Thelymphatic system is yet another important coordination of processesin the body. It is made up of a dense network of lymphatic vessels,the lymph fluid and the lymphatic organs. In its structure, thelymphoid tissue, which has less of lymph, undertakes to facilitateimmunity if only it is confronted with antibodies that lea toinflammation. This is achieved by importing the lymph debris fromblood and the lymph. It is also composed of the bone marrow andthalamus, which together forms the fundamental lymphoid organsresponsible for generating T-cells and the subsequent advancement ofdeveloping the B-cells. The underlying mechanism of how this systemworks begins in the bone marrow where the B-cells are located. Thesecells leave the bone marrow and are transported to the thalamus foradvancement in maturity and ultimately travel to the organs of thelymphatic system so as to find disease-causing pathogens.Additionally, the fundamental lymphatic organs produce lymphocytesusing budding progenitor cells (Mathews et al, 1985, 414). Thestructure of the lymphatic system is as presented in figure 1.4below.
Figure1.4:The structure of the lymphatic system.
Thelymphatic system performs a lot of functions in the human body. It isthe system that is responsible for the transportation of fatty acidsto the rest of the body from the digestive system. The lymphaticsystem also carries the leukocytes from the nodes of the lymphaticsystem to the bone marrow and back as it strives to facilitate theattack on disease-causing pathogens. The antigen-presenting cells(APCs) are also carried by the lymphatic system to the nodes of thelymphatic system so as to initiate an immune system from the lymphnodes. Additionally, the lymphatic system undertakes to free the bodyorgans from the toxic interstitial fluid (Butcher & Picker, 1996,62).
Thelymphatic fluid forms at the joints between the capillaries and thearteries. The formation at this point is usually due to the highpressure between the high pressures of blood that enters thecapillaries relative to that which leaves the capillaries through theveins.Theprocess of lymph formation begins when nutrients are carried by bloodto body tissues and in return, waste products from the tissues areremoved through the same medium (blood). In the process, blood formsa fluid referred to as tissue fluid, which then fills the spacesbetween the body organs and the medium that blood is. The compositionof the tissue fluid changes as the blood continues its activities oftransporting digested food to the body tissues and carrying away theresulting waste materials way from the body organs (Tsien et al,1982, 329). The composition of the tissue fluid changes since waterand salts diffuse across the walls of capillaries to form anon-static equilibrium between the tissue fluid and blood (Mathews etal, 1985, 414). Finally, the tissue fluid enters the smallest vesselsof the lymphatic system (lymph capillaries) as lymph. The lymph flowsthrough the entire lymphatic system in the process accumulatingtraces of blood and protein to resume its characteristic composition.The mechanisms through which lymph forms can however lead to a typeof cancer referred to as Non-Hodgkin’s lymphoma which isfundamentally a type of cancer that results from the human lymphaticsystem during the formation of lymphatic fluid. It results whentumors are generated from a variety of lymphocytes. A common type ofthis cancer is follicular lymphoma.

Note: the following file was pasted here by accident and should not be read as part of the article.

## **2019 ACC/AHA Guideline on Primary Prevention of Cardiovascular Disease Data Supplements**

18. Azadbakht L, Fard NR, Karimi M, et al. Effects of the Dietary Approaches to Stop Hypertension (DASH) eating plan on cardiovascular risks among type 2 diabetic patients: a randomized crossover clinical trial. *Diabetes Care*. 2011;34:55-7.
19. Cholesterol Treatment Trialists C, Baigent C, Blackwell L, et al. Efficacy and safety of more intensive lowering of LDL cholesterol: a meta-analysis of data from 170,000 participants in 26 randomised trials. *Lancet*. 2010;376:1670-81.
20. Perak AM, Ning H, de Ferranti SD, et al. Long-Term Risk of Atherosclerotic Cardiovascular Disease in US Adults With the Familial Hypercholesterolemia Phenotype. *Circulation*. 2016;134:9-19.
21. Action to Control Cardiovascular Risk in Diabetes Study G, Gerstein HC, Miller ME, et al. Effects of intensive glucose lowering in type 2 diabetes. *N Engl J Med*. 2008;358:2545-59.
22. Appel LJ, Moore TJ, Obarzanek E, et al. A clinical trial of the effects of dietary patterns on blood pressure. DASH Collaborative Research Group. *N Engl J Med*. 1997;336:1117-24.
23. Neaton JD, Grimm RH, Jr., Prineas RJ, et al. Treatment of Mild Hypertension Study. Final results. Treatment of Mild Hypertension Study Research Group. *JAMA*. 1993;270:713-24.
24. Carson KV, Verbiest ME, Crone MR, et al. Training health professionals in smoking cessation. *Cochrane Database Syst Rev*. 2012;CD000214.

Therelationship between the blood circulatory system and the lymphaticsystem is anchored on their respective functions of transport andbody waste removal (Spector & Johansson, 2007, 431). The twosystems fundamentally form an important system that complements thecardiovascular system in the functioning of the body. The circulatorysystem and the lymphatic system are related since they both serve totransport substances in the human body. More directly, the lymphaticsystem relies on the blood in the circulatory system for theformation of its medium of transport, lymph. Similarly, the lymph soformed removes dead cells of the blood from the body in performingits excretion role. Both the circulatory system and the lymphaticsystem function in a similar manner in the sense that they all makeuse of liquid state compositions (blood and lymph) as their mediumsof transport.
Homeostasisrefers to the regulation of internal body processes so as to maintaina stable internal equilibrium. An example of a homeostatic process inthe human body includes the temperature regulation and blood sugarregulation. Homeostasis fundamentally involves the processes andmechanisms through which the internal conditions are maintained atequilibriumand any deviations from this equilibrium are respondedto by the body. The adjustment process requires a sensor to perceivethe deviations from the equilibrium, an effector channel to execute acondition and a (negative) feedback condition that relates the twotenets of the process. In the homeostasis process, the functionmechanisms are triggered when the receptor perceives a component thatregulates variations in the internal processes. The receptortransmits the perceived information to the nerve center whichascertains the respective response and communicates to the effectorwhich institutes the changes through a negative feedback mechanism.